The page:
by Lucas O’Connor / Two Cathedrals / August 16, 2011
We recently touched on mayor candidate Nathan Fletcher’s transparently unethical hiring practices, paying for campaign staff with taxpayer dollars. Today we turn the spotlight to another mayoral candidate, District Attorney Bonnie Dumanis.
The most obvious ethics question facing the Dumanis campaign is also rather superficial, at least on its face. The official government site for the District Attorney’s office and the Dumanis campaign website have significantly overlapping biographies for Dumanis. In fact, entire paragraphs appear on both sites verbatim, raising a number of red flags.
First and foremost, if staff time and resources went into writing this bio and now entire chunks of it are being used for the campaign, it’s the same sort of fundamental misappropriation of taxpayer dollars for personal gain that Nathan Fletcher is doing on a larger scale. If it’s the other way around, and the campaign wrote the bio and then the official government site picked it up, then Dumanis is using the District Attorney website as an extension of the campaign, reinforcing messaging and playing politics with the county’s judicial system. Heck, the DA’s website even has a copyright notice at the bottom of the bio page. I mean c’mon, there’s no de facto coordination going on?
In either scenario, there’s an uncomfortable overlap between campaigning and managing prosecutions. If Dumanis isn’t drawing a bright line between the two arenas, then why shouldn’t the public worry that she’s also picking cases based on how they’ll play in the electorate? And that doesn’t just mean cases that will make her look better as a candidate or even cases that will shift the electoral landscape. It also means pursuing or avoiding cases based on how it would impact other candidates, their messaging, their platforms, their various bases of political strength or potential weaknesses.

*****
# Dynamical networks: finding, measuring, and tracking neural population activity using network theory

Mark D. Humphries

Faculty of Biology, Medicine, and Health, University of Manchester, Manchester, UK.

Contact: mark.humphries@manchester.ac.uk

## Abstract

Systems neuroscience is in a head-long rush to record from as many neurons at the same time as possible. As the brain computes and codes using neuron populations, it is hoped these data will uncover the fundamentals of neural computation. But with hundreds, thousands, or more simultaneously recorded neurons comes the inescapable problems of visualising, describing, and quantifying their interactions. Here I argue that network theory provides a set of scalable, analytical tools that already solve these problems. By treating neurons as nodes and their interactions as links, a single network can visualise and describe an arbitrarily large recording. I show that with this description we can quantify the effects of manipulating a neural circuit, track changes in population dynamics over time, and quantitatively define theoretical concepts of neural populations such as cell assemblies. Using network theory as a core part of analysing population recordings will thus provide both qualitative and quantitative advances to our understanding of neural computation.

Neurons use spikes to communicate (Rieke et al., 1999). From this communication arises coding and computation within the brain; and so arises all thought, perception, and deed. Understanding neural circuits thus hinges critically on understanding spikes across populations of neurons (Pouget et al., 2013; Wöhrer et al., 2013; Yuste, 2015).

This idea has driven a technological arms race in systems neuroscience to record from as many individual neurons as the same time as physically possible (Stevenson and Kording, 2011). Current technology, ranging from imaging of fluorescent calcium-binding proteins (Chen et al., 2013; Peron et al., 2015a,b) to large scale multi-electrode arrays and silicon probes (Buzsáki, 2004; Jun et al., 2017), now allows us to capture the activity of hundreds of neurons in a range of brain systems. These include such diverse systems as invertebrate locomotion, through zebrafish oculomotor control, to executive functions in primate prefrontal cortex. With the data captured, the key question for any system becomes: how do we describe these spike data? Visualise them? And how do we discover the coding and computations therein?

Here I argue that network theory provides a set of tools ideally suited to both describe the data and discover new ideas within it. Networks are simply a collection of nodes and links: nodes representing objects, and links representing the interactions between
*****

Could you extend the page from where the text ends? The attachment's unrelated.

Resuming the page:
If Dumanis sees her responsibilities as District Attorney and her role as a mayoral candidate to be overlapping, if using the same resources and messaging in both areas doesn’t pose an ethical problem for her, then why wouldn’t we assume that she’s also perfectly capable of using the full power of the DA’s office specifically to her political advantage?
Now, Dumanis has certainly never shied away from the spotlight, or from delving into political issues from the District Attorney’s office. The bio(s) trumpet the District Attorney’s role in pressing for the passage of Jessica’s Law to an outspoken opposition to state law permitting certain uses of medical marijuana, Dumanis has a clear record of trying to both enforce and create the law.
But it turns out that Jessica’s Law was written so that it doesn’t actually function in practice and her staunch stance against medical marijuana is now tripping over a city council that can’t afford to hold elections, which highlights the essential tension of trying to get elected on creating laws while being paid to enforce the law. One or the other almost always will end up being more powerful.
Ideally, a district attorney is elected or re-elected based on how effectively cases are prosecuted and how fairly justice is applied. There will still be campaigning, and as a result there will still be elements of electoral politics that creep into the equation. But when a supposedly non-political officeholder starts bucking for a decidedly political office, that balancing act is often threatened.
In Bonnie Dumanis’ case, all appearances indicate that her personal political aspirations have taken the upper hand. The scary question then is just how long ago did Dumanis make up her mind to run for higher office? More specifically, how long has Bonnie Dumanis been using the DA’s office — and its taxpayer-funded resources — to run for mayor?